Thu, Oct

Spaced out?

For those of you thinking of extending your workspace Phil Thompson, head of BPIF Business, gives you a down to earth take on the key considerations.  

Due to the challenging nature of the last four or five years, there will be very few companies that have got through them unaffected. Some will have adapted smoothly while others will have had to change business models and practices. As a result, the way that work flows through the production process and how this fits into the space available to the business may no longer be appropriate. So are you one of those looking to change your factory layout, extend your space, or even considering a complete move? 

Efficient companies constantly monitor and evaluate the production flows through the business; from this it is not a big step to then map that in terms of space requirement.

When looking at your options, spend time observing the activities on the shopfloor and in the operations and administration areas as it will prove a valuable insight into the philosophy of the team as well as playing a part in determining the most suitable layout for the business, and its employees.

During the observation phase collect data too - basic information on how materials flow through the factory for instance. It will highlight where there are likely to be bottlenecks and where space is required for buffer stock, work in progress where print may need to stand for a period before subsequent operations can be performed, etc.

At this stage it is important to obtain an overall picture of what is happening in a factory, or is likely to happen, so produce supporting documentation - for instance, a workflow relationship diagram which identifies the path of all products or product groups from process to process.

Once the activities have been determined and the volume movements between operations established, future development of the business can be taken into account by adding extra processes to the diagram and the projected volumes taken from the long-term sales predictions or business plan.


Once the workflow relationship diagram has been determined the physical dimensions of all machines, equipment and processes should be obtained. Of course at this point methods of operation need to be taken into account, including materials handling space requirements – and consideration can be given to the possibility of linking machines/processes by means of conveyors etc.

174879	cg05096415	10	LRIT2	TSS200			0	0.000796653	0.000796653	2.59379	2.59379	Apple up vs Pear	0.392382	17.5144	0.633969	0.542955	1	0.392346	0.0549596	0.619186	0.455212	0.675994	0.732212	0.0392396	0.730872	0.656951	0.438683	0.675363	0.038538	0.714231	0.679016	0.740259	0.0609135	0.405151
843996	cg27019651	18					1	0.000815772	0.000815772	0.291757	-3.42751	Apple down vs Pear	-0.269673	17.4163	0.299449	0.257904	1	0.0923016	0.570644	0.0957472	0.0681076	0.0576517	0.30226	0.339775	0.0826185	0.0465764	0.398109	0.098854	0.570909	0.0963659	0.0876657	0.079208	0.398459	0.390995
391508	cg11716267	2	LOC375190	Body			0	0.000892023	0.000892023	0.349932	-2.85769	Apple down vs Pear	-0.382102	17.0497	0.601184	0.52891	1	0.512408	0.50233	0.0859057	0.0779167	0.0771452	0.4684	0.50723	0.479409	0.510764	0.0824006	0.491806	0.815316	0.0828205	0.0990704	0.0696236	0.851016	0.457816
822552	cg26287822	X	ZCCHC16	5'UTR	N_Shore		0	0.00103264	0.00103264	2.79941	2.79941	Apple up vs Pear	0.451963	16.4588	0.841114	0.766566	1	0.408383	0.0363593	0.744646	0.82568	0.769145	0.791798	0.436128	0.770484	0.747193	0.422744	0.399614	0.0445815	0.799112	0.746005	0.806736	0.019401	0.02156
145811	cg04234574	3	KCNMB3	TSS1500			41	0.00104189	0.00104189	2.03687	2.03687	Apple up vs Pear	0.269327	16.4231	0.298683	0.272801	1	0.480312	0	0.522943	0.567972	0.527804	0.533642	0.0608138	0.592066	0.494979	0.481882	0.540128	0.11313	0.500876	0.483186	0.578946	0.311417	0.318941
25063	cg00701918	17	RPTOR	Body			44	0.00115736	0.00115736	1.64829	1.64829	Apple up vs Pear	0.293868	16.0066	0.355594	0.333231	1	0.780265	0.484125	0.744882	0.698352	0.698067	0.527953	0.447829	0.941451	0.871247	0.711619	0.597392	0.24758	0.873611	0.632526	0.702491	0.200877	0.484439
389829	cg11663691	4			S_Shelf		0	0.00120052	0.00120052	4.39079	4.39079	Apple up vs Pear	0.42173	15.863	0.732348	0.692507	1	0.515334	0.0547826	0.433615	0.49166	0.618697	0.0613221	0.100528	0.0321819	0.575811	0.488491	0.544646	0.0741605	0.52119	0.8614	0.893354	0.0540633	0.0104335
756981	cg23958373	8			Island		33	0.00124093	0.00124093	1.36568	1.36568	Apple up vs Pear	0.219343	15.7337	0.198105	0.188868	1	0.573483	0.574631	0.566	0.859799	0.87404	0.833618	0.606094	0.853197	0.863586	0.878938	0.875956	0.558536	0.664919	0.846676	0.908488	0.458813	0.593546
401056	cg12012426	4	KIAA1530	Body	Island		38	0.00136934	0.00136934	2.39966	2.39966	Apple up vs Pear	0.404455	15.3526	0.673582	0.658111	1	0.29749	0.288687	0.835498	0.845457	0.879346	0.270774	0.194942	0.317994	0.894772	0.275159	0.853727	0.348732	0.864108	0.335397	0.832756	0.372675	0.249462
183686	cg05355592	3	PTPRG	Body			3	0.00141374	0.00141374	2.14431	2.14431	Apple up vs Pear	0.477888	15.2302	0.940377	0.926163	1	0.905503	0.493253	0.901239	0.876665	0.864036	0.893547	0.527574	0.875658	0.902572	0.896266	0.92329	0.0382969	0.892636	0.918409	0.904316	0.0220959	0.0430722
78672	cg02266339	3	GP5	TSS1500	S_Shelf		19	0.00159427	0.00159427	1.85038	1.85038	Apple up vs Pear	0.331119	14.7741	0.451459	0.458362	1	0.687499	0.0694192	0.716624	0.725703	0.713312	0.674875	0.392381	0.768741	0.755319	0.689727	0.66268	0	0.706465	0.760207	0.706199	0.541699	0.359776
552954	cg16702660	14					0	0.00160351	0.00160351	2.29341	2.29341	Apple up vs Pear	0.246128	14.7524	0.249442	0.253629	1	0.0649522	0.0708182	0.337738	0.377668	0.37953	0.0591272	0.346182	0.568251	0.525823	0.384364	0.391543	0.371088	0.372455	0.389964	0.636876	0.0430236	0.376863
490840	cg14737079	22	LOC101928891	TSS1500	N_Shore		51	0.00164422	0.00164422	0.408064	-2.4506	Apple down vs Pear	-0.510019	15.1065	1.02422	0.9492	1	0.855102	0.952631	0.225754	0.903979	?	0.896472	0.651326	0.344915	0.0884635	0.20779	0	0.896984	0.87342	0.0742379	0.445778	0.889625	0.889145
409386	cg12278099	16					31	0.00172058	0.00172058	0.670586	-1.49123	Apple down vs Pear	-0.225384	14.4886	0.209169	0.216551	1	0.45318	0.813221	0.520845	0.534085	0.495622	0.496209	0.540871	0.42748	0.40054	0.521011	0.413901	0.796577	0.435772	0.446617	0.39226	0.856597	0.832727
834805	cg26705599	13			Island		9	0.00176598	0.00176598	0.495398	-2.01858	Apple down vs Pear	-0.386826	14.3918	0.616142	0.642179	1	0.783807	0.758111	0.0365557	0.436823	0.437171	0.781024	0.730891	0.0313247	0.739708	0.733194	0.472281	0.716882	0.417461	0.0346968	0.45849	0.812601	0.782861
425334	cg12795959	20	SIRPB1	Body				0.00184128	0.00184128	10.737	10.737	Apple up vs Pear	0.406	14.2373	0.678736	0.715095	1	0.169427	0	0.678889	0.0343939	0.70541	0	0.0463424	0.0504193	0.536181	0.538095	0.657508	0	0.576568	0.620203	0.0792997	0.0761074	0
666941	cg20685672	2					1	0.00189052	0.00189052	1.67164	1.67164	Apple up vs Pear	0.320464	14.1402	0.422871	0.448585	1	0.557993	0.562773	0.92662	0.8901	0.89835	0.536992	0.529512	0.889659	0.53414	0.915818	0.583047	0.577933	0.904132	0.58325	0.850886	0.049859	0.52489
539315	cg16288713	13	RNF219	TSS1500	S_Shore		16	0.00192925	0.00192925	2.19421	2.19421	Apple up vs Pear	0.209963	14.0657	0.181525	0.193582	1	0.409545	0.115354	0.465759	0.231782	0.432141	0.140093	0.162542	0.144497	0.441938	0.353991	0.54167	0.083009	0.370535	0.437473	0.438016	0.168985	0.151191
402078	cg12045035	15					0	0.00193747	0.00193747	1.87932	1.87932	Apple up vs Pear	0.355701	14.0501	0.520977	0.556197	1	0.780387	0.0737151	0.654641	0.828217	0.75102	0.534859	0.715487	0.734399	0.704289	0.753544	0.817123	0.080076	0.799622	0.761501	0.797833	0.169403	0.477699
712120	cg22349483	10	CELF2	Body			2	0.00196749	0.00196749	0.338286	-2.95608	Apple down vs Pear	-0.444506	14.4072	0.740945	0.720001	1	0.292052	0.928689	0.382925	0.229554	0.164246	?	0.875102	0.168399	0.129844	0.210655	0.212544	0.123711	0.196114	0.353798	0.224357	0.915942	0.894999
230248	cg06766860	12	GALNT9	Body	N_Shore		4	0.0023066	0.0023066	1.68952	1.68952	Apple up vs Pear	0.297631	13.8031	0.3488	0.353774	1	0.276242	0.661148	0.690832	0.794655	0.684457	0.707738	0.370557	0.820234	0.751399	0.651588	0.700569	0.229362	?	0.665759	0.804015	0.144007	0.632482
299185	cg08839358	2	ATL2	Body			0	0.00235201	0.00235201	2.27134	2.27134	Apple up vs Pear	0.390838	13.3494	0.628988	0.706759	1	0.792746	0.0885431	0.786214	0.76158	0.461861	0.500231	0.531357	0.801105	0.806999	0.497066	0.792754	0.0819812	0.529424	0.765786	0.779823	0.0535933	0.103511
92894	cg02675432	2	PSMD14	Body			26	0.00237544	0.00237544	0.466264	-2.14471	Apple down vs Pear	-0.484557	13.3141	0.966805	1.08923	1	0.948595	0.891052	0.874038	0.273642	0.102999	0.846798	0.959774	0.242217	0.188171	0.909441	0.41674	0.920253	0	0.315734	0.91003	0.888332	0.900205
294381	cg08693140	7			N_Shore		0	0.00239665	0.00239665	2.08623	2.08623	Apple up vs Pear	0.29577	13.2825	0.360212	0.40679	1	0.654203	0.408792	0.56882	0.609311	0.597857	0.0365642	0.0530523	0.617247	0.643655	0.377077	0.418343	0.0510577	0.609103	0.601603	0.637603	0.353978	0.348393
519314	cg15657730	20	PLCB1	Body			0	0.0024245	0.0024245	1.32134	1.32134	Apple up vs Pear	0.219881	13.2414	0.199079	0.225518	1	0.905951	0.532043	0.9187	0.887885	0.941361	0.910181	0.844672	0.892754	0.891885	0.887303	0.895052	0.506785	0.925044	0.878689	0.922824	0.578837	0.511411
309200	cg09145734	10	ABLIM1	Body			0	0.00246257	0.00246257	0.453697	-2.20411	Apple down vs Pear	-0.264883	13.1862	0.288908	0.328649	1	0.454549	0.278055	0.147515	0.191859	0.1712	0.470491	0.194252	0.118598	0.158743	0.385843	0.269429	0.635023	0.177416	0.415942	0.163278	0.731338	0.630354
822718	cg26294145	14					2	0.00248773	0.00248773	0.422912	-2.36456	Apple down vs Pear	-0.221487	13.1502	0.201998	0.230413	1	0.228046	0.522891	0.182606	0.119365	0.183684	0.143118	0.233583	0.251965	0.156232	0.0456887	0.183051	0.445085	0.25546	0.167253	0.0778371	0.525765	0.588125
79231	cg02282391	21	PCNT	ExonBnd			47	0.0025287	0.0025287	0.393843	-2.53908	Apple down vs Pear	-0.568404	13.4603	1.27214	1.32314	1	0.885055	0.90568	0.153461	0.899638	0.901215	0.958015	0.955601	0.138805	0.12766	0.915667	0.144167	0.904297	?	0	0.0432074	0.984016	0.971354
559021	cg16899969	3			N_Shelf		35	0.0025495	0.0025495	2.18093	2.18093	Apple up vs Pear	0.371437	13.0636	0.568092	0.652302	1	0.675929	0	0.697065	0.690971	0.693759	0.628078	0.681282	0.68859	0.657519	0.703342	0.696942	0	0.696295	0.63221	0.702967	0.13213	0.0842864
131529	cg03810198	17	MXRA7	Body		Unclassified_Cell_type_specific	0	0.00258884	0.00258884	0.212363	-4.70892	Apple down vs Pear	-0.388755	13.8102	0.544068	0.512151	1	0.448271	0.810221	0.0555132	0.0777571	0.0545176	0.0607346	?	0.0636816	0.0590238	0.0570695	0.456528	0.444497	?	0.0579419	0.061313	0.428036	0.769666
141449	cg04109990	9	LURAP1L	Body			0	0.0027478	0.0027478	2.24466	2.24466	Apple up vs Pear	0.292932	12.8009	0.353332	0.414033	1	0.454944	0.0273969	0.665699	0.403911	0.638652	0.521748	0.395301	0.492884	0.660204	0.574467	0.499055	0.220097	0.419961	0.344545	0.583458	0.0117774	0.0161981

The efficiency of the layout will be governed by methods of operation which take into account performing activities within machine cycles thus quite often eliminating the cost element of a job such as packing, sorting, checking etc.

Creating alternative layouts will recognise the physical and financial constraints, operating conditions such as temperature, atmospheric conditions and cleanliness. In other words a practical solution that is cost effective. Where the design of a new factory is involved in particular, it is important to try a number of layout options.


In many projects where a layout change is required within existing premises,

alt solutions will vary significantly, constrained by existing buildings shapes; for this reason a tailored solution is the only practical answer. When investing in this type of project, it is an excellent opportunity to improve the business significantly, so to make the most of it; thorough and effective planning at the start is essential. 

Most layouts will be required to provide relative positions for all equipment in a factory but depending on the situation the layout can also be marked out as part of the functional specification to show power, drains, water and other services requirements which may be necessary particularly for the design and costing of a new building.

Ostensibly it would appear that providing a layout is a means of indicating where in a factory each piece of equipment is to be located; in realty the layout is the final result of the functional design of the operation of a business.

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